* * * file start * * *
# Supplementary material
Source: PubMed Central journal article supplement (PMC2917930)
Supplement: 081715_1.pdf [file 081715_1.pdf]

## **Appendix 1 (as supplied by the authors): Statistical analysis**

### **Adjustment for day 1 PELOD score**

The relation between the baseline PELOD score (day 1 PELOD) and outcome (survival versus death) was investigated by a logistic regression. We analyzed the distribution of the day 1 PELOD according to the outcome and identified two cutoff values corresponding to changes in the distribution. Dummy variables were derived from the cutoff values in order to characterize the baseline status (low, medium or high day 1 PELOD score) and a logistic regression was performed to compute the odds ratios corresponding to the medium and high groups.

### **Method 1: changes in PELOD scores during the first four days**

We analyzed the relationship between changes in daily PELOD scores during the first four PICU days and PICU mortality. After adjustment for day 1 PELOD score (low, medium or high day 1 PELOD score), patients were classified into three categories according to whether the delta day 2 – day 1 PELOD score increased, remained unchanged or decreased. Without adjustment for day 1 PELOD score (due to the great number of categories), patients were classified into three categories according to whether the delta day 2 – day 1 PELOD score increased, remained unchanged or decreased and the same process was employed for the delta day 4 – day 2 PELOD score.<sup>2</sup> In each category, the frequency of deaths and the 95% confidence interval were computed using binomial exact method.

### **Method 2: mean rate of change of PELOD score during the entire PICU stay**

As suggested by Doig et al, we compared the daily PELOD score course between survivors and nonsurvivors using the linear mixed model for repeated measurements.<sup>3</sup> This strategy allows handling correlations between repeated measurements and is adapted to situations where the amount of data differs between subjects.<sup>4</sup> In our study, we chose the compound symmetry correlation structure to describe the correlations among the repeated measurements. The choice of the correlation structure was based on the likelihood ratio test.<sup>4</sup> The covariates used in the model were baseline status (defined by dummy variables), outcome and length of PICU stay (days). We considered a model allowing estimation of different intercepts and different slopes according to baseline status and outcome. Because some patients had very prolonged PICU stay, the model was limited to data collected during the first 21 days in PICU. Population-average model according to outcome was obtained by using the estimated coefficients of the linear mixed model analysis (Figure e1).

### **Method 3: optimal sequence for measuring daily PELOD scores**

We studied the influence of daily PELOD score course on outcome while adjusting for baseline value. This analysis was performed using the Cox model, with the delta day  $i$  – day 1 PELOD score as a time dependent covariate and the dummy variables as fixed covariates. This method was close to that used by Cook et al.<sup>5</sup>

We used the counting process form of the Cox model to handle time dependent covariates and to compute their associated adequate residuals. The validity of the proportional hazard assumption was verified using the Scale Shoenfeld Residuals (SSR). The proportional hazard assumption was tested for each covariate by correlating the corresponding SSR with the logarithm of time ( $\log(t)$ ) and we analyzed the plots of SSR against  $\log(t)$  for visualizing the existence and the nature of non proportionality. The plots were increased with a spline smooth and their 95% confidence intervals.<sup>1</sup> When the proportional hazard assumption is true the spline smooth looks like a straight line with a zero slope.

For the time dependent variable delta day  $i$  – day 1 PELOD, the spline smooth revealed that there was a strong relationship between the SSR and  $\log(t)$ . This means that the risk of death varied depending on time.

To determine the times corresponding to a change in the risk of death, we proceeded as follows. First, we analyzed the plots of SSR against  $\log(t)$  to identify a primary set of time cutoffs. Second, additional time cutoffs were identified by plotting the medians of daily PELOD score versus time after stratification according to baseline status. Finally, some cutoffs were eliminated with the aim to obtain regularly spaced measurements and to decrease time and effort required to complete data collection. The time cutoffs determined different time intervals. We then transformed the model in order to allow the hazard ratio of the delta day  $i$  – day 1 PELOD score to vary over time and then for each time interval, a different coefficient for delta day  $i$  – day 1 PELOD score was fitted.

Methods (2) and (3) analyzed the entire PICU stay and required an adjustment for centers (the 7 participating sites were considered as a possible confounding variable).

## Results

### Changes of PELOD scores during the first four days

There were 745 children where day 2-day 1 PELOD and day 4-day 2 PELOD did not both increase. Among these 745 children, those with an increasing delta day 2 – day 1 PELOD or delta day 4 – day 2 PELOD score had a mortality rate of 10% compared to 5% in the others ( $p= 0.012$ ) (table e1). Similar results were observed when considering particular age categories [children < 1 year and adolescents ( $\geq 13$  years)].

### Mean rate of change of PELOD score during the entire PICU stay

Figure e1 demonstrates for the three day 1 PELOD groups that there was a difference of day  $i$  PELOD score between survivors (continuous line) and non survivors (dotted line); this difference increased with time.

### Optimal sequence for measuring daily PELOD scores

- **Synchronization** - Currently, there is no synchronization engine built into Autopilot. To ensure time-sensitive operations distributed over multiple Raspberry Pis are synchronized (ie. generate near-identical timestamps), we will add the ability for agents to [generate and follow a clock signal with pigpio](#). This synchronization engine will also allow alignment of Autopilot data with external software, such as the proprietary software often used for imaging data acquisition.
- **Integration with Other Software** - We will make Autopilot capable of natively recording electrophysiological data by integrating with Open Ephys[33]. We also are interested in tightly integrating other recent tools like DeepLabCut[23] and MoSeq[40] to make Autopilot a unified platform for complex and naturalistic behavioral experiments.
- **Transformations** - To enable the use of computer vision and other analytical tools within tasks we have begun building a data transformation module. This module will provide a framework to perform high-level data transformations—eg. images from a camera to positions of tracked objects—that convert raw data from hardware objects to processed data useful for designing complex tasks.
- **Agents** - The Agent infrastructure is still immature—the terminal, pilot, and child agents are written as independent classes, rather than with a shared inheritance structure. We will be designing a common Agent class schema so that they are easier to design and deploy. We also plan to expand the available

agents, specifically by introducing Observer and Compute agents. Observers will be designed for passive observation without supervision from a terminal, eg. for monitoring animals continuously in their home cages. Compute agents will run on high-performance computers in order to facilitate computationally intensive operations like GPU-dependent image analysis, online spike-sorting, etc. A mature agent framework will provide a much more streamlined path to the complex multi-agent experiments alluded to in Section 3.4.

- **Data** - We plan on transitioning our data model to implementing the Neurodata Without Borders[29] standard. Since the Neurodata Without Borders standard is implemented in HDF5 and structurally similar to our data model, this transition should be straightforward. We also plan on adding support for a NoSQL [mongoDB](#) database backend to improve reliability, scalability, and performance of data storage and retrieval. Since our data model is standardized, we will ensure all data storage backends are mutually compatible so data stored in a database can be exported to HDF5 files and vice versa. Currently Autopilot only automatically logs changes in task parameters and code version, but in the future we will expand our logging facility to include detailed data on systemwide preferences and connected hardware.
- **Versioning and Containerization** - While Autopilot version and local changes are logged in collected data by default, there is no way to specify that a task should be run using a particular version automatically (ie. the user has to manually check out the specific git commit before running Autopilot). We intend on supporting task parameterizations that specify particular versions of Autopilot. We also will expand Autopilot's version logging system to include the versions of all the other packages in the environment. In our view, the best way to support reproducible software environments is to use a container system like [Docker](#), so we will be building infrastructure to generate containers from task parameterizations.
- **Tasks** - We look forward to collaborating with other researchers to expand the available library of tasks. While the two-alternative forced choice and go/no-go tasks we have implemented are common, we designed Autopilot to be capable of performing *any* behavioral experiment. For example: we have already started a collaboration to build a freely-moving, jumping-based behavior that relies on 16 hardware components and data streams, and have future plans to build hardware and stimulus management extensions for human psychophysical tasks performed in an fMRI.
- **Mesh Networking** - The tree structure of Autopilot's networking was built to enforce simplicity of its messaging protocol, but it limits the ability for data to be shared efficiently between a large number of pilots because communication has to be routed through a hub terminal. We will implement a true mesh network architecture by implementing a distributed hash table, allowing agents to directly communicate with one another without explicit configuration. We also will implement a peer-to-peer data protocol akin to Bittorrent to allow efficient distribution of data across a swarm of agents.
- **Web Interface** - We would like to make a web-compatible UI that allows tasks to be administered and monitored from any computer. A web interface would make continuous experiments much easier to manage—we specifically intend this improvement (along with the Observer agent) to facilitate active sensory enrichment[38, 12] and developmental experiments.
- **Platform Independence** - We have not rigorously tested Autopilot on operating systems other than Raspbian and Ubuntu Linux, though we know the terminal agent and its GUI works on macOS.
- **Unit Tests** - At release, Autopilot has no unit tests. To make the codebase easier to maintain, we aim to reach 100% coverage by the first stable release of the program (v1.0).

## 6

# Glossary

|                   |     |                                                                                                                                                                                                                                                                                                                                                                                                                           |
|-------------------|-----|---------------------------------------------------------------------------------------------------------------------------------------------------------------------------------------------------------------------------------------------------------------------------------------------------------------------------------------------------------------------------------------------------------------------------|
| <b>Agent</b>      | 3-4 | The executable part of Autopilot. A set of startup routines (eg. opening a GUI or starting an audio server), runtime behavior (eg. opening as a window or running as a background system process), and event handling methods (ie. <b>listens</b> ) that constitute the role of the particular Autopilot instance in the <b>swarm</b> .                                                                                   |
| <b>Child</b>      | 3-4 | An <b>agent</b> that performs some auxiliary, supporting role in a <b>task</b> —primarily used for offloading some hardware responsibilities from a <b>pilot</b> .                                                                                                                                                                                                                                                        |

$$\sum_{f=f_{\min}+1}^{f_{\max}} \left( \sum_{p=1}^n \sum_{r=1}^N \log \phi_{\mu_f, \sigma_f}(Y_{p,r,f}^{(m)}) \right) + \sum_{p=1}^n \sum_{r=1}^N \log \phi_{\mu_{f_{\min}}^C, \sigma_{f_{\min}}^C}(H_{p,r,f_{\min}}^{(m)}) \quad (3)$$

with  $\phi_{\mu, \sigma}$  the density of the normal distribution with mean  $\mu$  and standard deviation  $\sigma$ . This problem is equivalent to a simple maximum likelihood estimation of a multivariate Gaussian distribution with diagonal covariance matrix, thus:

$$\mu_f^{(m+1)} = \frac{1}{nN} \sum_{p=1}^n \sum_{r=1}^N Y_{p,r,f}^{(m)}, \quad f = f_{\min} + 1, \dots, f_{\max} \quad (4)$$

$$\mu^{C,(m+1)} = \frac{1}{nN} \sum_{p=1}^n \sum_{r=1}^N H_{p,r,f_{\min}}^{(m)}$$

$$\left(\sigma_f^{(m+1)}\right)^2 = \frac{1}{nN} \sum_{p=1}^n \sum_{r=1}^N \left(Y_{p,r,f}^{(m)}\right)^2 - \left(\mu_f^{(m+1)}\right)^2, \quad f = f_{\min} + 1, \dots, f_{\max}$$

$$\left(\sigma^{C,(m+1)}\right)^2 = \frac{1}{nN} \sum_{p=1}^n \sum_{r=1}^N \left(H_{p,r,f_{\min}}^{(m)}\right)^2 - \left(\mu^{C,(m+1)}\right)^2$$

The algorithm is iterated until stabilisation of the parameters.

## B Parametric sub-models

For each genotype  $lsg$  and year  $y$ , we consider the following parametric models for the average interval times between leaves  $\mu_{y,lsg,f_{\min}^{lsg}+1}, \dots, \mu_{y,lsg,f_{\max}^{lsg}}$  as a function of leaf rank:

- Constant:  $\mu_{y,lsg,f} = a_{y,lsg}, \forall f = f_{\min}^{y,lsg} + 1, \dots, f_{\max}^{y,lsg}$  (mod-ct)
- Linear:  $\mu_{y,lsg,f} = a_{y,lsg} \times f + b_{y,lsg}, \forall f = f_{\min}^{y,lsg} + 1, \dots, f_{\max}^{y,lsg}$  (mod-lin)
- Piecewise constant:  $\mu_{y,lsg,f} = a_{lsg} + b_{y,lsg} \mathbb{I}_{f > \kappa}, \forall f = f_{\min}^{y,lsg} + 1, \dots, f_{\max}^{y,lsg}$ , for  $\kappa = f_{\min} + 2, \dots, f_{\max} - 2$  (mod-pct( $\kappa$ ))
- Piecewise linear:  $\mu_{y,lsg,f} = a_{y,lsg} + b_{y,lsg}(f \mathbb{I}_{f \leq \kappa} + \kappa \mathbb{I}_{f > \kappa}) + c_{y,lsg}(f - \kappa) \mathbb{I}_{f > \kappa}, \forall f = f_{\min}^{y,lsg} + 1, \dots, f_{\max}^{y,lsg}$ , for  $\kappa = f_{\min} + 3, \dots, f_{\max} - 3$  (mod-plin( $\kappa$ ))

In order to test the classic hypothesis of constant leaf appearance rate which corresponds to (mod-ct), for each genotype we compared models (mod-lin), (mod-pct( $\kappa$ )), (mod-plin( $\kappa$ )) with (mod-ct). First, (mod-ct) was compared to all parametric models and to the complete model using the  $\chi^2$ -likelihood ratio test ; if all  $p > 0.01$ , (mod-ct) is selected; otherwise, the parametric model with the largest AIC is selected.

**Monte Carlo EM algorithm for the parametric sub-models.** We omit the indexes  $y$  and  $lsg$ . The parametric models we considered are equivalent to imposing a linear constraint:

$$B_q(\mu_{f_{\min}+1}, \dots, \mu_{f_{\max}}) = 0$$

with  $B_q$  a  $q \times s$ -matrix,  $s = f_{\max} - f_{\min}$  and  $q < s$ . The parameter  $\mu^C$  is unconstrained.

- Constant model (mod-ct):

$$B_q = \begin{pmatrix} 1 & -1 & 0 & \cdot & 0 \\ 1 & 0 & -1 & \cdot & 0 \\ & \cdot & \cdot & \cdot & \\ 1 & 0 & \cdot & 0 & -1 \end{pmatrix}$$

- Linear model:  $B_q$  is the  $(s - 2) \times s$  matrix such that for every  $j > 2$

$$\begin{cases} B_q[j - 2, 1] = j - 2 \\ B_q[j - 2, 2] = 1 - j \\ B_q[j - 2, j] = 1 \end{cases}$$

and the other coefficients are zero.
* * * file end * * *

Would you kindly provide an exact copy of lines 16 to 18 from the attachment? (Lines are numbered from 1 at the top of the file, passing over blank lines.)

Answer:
Methods (2) and (3) analyzed the entire PICU stay and required an adjustment for centers (the 7 participating sites were considered as a possible confounding variable).

## Results

### Changes of PELOD scores during the first four days